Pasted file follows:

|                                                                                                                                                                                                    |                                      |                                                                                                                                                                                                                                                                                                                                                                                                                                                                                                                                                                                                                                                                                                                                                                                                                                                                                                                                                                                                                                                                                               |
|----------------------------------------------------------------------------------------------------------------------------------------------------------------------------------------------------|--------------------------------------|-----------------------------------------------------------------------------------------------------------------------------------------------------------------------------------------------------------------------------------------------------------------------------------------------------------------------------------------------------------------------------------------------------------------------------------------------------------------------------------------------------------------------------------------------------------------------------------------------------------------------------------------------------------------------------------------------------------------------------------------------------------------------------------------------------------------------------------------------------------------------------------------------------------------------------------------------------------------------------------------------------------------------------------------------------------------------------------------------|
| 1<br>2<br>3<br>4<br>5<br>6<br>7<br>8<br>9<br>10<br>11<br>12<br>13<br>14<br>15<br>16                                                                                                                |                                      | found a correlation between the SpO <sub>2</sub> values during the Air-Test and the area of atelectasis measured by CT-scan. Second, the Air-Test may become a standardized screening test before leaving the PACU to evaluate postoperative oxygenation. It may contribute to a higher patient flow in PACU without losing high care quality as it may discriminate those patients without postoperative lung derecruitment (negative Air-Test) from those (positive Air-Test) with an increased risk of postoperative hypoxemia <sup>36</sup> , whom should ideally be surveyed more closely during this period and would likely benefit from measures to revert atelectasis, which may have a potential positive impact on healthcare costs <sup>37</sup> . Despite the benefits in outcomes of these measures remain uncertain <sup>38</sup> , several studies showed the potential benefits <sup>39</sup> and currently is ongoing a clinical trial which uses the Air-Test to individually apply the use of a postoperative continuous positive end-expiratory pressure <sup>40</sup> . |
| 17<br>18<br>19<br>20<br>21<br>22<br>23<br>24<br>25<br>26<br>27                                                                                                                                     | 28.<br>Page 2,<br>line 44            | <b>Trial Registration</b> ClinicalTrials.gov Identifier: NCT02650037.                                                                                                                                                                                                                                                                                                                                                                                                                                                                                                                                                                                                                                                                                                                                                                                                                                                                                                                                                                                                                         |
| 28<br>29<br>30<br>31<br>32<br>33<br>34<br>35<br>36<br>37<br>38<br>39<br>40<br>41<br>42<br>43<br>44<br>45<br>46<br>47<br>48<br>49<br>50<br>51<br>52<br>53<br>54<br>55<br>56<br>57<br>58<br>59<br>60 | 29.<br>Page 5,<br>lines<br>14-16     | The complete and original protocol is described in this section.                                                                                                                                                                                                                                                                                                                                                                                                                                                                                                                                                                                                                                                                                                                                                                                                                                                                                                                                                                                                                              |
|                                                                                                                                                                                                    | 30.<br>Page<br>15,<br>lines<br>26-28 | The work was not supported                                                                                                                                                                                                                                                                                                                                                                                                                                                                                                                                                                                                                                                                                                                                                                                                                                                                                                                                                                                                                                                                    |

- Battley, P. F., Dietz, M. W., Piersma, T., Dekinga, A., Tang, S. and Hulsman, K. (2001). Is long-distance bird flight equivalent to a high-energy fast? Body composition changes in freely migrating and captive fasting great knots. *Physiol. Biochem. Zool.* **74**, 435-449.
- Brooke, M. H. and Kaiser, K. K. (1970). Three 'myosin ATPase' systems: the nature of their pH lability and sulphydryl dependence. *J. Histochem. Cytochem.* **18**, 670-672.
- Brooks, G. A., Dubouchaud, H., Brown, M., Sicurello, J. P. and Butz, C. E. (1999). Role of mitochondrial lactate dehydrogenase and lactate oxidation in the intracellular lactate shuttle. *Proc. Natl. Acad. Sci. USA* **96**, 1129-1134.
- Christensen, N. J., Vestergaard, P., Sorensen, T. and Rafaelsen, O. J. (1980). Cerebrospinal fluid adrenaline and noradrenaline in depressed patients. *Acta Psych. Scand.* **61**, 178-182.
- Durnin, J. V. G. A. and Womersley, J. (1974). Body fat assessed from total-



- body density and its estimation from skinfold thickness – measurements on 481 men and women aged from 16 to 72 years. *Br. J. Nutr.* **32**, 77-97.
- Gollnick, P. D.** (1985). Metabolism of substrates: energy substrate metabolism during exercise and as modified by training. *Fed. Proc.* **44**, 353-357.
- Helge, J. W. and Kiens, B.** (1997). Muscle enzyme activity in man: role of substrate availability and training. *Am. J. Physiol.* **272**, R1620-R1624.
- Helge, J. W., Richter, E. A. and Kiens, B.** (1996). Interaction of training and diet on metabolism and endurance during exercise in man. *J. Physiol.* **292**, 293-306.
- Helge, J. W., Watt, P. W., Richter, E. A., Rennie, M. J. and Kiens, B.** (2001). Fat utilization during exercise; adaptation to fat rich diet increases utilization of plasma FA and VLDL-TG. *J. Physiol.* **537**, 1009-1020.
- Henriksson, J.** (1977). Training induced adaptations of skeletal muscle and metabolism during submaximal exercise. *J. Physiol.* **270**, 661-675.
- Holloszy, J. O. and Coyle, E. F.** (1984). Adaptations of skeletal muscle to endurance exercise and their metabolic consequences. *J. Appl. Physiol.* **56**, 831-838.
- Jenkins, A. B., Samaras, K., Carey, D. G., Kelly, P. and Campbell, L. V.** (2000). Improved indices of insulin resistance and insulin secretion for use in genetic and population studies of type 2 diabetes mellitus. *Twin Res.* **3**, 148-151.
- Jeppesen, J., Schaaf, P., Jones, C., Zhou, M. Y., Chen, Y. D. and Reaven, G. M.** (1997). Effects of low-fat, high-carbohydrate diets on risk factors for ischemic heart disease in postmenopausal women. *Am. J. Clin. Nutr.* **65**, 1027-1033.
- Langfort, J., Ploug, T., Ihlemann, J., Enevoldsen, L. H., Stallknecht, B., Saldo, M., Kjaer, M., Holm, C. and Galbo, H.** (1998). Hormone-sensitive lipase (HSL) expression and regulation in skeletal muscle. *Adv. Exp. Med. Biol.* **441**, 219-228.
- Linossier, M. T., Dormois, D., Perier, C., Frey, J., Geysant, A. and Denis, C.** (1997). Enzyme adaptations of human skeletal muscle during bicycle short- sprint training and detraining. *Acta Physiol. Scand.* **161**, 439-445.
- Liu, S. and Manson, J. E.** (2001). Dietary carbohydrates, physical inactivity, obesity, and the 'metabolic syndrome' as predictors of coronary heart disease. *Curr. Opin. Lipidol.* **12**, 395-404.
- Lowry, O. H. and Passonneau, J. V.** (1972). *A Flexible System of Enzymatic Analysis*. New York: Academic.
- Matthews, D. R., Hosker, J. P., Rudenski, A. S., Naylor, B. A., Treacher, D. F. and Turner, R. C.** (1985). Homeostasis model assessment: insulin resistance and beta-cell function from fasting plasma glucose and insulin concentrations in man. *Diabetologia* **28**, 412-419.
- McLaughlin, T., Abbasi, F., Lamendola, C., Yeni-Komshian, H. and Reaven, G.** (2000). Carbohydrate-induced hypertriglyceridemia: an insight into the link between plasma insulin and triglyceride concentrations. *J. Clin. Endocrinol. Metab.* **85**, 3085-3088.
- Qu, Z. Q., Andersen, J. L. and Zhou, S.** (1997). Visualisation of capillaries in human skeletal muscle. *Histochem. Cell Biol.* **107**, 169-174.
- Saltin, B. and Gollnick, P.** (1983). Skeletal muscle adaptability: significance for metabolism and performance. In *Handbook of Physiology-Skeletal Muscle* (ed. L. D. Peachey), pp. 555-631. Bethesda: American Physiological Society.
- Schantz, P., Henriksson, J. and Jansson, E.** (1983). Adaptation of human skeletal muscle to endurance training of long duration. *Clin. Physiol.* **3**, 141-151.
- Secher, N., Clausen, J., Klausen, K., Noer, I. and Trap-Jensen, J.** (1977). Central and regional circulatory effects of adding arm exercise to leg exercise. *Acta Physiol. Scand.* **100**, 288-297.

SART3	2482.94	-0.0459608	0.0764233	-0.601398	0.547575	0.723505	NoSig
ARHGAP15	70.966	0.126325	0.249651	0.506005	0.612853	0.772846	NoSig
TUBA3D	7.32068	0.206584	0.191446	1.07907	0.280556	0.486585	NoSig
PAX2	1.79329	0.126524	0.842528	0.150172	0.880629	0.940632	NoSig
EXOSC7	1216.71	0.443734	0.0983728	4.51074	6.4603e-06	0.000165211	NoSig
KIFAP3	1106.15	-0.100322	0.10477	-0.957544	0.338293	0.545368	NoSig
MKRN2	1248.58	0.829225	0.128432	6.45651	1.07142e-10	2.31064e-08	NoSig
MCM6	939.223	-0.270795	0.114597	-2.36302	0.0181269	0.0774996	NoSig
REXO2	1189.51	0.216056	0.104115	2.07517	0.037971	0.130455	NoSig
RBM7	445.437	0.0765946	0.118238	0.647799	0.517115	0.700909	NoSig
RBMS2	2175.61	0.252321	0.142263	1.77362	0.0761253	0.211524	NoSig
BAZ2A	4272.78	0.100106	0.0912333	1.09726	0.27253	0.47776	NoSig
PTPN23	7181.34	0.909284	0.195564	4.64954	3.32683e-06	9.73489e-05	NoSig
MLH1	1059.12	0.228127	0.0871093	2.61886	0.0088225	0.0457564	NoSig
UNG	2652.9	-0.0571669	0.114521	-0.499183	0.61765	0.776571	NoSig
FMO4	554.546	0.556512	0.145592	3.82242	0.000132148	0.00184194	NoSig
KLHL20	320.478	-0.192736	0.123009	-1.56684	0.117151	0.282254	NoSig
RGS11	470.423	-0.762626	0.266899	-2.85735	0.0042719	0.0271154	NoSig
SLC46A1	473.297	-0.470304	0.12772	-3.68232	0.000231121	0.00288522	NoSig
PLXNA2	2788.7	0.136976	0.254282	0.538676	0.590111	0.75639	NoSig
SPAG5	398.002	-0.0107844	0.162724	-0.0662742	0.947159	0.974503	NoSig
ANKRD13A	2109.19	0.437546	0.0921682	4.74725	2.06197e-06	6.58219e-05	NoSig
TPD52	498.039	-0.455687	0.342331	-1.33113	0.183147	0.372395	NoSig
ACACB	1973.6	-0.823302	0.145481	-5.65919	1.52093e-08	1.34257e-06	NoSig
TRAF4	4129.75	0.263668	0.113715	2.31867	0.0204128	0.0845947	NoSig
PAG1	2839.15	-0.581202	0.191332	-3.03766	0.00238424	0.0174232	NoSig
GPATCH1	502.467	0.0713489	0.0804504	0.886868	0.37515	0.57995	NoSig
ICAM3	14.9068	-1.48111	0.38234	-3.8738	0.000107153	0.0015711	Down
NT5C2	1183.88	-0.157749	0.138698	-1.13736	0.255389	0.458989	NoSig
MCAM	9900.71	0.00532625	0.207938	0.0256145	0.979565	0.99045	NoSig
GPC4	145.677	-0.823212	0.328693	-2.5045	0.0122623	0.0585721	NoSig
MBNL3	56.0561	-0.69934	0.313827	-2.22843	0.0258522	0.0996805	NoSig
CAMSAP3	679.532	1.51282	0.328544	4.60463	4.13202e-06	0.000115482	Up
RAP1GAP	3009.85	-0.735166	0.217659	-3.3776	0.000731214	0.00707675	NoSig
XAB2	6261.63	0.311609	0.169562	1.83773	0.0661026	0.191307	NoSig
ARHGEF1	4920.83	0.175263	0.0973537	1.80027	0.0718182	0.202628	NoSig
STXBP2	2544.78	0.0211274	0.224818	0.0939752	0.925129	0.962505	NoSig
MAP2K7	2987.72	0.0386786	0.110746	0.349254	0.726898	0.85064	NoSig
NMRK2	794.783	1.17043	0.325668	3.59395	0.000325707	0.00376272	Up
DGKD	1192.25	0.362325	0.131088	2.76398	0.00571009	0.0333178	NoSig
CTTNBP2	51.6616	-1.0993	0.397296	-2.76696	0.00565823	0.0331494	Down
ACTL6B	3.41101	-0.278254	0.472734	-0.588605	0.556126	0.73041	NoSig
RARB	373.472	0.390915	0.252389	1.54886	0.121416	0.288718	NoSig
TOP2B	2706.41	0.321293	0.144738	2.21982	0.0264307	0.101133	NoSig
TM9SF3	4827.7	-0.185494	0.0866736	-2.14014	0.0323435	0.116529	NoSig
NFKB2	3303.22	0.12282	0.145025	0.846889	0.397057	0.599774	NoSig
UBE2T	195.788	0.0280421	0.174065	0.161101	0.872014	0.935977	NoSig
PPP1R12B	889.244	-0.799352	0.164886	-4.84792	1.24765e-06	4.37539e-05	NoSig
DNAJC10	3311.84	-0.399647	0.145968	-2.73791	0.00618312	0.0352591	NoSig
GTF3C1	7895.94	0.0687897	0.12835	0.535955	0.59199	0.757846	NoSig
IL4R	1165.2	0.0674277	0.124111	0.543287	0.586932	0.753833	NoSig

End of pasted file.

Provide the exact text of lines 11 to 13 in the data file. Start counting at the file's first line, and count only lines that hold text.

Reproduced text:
- Durnin, J. V. G. A. and Womersley, J. (1974). Body fat assessed from total-



- body density and its estimation from skinfold thickness – measurements on 481 men and women aged from 16 to 72 years. *Br. J. Nutr.* **32**, 77-97.
- Gollnick, P. D.** (1985). Metabolism of substrates: energy substrate metabolism during exercise and as modified by training. *Fed. Proc.* **44**, 353-357.